Harmonies from Heaven tells the story of the Everly Brothers, Phil and Don, focusing on the heyday of their careers in the fifties and sixties. Featuring new interview footage with surviving brother Don and archive interviews with Phil, it follows their career from child performers on their father's radio show, through their move to Nashville and the their relationship with publishers Acuff-Rose and in particular with the songwriting team of Felice and Boudleaux Bryant who provided many of their early hits, including their first million-seller Bye Bye Love. The film also features interviews with those inspired by the Everly Brothers including Art Garfunkel, Keith Richards, Graham Nash, Dave Edmunds, Tim Rice, Albert Lee, Waddy Wachtel and on into a younger generation with Jake Bugg.
The second disc in the set features a previously unreleased classic live performance from Australian TV, CHEQUERS NIGHTCLUB, SYDNEY from 1968.
Documentaries can be a tricky business. One would naturally expect the filmmaker to plumb the depths of its subject matter and pull up everything he can, muck and all. If one were to try and cast an event or a person in a positive or negative light, one should probably show every side - even if it changes the perception of the audience. At least that's what a good documentary will do. If it's to say that someone was a bad person, it would show that maybe they weren't a bad guy. If it wants to say a convicted criminal is innocent for 12 episodes of a TV show, it should at least address the evidence that points to that individual's guilt. When a documentary just sings the praises of someone, like a musical act for instance, and never really goes into much depth, that's not a documentary. That's a puff piece. Sadly, 'The Everly Brothers: Harmonies From Heaven' is a puff piece. We hear about how great Don and Phil Everly were as singers, but sadly the brothers are backstage as other musical acts dominate this show.
Directed by George Scott, 'The Everly Brothers: Harmonies From Heaven' is primarily focused on the golden years for the harmonizing sibling duo. From the late 1950s and into the 1960s, the Everly Brothers were a force to be reckoned with as their musicality was fairly unique for their time. As brothers, they had enough common traits and abilities to create some beautiful tunes. Their vocal ranges were similar but just different enough to give their harmonizing a soothing feel. They quickly rocketed up the charts as a popular country/rock duo.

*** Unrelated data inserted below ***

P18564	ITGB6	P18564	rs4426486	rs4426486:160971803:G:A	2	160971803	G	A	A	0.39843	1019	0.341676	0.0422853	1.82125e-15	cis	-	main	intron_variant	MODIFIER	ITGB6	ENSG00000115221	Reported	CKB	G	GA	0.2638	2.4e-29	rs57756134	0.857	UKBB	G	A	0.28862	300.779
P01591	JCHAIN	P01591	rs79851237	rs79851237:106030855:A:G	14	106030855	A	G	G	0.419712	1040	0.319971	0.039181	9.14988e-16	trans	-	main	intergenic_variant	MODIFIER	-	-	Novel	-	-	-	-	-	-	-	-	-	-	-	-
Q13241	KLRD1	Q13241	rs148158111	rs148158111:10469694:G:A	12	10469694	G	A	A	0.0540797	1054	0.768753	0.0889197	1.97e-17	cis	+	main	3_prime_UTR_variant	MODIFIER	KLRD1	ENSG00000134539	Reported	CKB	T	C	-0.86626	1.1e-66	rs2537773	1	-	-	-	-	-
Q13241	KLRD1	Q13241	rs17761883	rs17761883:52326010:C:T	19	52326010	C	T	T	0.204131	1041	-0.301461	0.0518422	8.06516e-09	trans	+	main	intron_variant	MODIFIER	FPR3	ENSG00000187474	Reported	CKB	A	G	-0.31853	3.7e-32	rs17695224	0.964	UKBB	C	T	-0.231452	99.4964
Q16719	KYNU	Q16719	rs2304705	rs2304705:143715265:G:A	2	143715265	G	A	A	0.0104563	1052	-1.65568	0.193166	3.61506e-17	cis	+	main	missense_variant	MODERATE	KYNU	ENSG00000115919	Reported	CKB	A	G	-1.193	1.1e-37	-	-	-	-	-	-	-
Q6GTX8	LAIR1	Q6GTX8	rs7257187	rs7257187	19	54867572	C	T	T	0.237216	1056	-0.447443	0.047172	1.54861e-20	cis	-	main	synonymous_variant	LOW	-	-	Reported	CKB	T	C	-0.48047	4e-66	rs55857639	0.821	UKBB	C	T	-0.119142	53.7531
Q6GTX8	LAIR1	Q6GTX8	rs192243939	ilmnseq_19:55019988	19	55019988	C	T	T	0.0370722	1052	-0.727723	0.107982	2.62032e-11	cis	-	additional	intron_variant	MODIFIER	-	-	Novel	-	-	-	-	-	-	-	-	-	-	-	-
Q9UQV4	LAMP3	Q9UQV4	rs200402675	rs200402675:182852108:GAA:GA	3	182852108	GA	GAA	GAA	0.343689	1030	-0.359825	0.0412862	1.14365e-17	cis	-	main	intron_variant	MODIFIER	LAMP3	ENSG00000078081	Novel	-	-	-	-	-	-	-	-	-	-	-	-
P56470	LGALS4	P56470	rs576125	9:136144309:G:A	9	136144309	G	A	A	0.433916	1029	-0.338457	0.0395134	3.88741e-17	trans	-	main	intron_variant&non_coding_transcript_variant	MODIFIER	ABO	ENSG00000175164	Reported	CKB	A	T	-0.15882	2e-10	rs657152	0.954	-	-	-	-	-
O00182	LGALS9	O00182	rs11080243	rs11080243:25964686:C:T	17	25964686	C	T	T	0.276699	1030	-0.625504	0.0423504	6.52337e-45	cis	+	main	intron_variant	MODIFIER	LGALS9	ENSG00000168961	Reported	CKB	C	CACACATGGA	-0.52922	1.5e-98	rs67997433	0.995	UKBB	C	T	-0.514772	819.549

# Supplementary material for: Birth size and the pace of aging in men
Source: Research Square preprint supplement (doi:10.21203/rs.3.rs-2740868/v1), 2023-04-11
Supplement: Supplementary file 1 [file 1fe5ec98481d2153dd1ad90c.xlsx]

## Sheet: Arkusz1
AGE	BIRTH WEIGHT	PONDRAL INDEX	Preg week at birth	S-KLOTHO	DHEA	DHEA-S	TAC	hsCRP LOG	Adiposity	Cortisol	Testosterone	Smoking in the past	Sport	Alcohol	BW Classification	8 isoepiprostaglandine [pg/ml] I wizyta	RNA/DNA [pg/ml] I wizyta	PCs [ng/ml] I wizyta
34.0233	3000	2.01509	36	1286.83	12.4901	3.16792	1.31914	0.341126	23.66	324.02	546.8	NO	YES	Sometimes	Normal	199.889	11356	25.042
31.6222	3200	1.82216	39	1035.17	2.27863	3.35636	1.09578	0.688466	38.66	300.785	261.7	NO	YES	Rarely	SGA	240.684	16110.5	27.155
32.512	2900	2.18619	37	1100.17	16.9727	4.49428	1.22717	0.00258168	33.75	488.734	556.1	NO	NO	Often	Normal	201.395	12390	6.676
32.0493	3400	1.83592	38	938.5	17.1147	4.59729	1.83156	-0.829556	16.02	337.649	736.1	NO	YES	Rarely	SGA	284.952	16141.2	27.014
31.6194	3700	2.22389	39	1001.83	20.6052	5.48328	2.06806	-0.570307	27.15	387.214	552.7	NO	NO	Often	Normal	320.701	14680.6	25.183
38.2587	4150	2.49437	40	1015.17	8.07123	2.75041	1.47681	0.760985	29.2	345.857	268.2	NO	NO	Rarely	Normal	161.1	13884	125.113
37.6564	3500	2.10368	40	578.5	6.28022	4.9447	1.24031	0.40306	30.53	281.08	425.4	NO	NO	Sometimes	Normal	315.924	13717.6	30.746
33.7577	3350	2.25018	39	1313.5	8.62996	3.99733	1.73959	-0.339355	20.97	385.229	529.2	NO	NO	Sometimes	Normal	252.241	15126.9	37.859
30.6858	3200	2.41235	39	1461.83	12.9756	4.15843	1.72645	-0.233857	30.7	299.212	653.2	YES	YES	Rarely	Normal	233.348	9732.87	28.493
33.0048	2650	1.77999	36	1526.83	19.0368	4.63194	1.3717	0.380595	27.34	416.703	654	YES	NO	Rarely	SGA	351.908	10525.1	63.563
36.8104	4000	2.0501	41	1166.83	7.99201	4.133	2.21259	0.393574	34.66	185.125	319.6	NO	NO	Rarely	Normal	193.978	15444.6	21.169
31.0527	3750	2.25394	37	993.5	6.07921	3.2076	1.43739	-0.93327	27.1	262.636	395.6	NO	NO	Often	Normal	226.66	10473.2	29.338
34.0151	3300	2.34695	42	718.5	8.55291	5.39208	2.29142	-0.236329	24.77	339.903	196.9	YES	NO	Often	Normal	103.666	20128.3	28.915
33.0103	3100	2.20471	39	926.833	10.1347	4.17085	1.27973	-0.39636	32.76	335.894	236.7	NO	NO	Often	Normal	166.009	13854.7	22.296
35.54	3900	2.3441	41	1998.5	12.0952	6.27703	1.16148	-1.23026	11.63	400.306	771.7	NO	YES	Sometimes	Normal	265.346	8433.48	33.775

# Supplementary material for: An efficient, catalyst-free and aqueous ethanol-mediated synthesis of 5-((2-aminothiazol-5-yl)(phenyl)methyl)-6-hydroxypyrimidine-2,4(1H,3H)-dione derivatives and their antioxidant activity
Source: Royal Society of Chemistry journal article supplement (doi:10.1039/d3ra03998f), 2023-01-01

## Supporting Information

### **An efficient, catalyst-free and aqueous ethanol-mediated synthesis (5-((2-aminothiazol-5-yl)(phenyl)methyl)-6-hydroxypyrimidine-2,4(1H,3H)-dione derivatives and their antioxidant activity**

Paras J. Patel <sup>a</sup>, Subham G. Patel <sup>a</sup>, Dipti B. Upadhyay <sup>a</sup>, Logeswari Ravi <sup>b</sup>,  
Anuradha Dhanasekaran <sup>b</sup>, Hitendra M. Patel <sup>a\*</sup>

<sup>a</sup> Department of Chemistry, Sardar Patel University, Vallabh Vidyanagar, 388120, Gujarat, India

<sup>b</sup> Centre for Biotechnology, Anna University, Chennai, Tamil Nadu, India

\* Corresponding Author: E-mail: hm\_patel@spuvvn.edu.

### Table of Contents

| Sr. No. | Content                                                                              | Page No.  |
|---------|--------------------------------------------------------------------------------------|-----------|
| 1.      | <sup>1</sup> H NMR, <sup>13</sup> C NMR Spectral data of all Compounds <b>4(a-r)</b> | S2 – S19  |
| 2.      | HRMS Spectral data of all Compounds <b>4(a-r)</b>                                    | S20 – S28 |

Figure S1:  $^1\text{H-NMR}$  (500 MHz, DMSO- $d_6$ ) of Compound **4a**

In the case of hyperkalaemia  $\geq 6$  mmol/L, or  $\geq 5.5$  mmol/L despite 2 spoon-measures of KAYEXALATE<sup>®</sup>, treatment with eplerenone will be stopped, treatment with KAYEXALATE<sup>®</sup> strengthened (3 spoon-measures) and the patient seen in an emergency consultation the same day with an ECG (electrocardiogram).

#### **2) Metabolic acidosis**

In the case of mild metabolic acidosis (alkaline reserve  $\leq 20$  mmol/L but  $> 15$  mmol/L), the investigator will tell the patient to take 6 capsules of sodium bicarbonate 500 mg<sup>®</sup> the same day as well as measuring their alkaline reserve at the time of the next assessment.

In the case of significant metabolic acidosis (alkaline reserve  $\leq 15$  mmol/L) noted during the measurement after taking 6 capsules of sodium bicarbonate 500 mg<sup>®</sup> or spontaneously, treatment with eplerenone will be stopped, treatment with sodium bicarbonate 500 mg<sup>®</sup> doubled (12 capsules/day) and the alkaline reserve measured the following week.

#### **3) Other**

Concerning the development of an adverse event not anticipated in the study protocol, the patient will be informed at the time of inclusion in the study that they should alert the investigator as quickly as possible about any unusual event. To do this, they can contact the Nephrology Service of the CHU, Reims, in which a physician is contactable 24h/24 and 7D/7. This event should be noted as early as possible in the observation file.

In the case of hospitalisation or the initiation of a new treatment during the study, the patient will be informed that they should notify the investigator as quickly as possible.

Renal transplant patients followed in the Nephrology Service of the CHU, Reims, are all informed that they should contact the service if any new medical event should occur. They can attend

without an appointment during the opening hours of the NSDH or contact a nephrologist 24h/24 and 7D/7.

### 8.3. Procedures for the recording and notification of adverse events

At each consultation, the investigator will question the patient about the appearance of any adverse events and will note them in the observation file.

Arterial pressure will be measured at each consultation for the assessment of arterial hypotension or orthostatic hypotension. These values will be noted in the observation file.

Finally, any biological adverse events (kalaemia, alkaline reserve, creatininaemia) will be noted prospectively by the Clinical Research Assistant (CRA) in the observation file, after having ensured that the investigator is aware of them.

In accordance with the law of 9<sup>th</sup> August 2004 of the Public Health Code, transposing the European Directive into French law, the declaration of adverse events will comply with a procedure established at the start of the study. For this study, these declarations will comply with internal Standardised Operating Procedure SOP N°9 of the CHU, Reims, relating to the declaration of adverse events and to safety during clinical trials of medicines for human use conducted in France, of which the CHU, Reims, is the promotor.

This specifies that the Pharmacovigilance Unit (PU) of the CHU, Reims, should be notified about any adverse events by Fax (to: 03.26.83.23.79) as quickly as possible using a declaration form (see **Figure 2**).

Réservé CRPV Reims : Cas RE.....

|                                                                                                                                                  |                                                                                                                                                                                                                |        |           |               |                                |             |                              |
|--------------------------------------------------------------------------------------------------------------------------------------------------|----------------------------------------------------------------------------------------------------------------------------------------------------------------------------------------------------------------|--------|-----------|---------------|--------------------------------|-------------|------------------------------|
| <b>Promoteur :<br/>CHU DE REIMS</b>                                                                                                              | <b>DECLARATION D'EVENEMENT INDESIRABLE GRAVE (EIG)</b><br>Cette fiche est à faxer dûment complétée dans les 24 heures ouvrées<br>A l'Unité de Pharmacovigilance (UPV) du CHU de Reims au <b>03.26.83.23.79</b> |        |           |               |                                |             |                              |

At their peak, the Everly Brothers were like so many other acts of that era, they could sell mountains of records and the public would spin every single one of them. When the brothers made a television or radio appearance, it seemed like the world would stop just to hear these brothers do their thing. Some incredibly memorable songs came out during this time, but sadly those great hits can't hold back waning popularity. By the time the 1960s were coming to a close and the sounds of a generation were changing, the brothers were no longer a hot commodity. Behind the scenes fighting on top of sagging sales influenced their decision to disband and the brothers didn't even speak to one another for over a decade.
All of that information I just passed on to you is anecdotal material that I already knew the bulk of going into this documentary, and I'm not even that big a fan of their music. I like many of their songs and if one is on a radio or is cleverly used in a movie, I'm usually pretty glad to be hearing said song. This documentary only covers this material tangentially. For its entire runtime, this documentary is primarily focused on what other musicians have to say about the brothers. As Phil passed away in 2014, Don was the only one available for recent interview material. Sadly, as a primary source and someone we would want to hear from, he gets all of maybe ten minutes of actual screen time, at best. Even then, those precious few moments are in ten of fifteen-second sound bites. Phil makes an appearance through archival interviews but is virtually nonexistent. What we get instead is a parade of musicians talking about the Everly Brothers for the actual Everly Brothers.
While I understand the merit of having musicians like Art Garfunkle, Keith Richard, Tim Rice, Will Oldham, and Del Bryant in a documentary like this, they're given entirely too much focus. The documentary doesn't feel very chronological either. What sense of time and place in the brothers' career as a duo we do get comes from someone like Garfunkle saying "I was there when this happened…" or someone saying "in 1969 I bought this record" and so on. There isn't really any sense of thrust to this documentary beyond talking about how great the Everly Brothers were as musicians up to the point they broke up in 1973. Which is all fine and good, I'd expect that, but at the same time there needed to be more depth.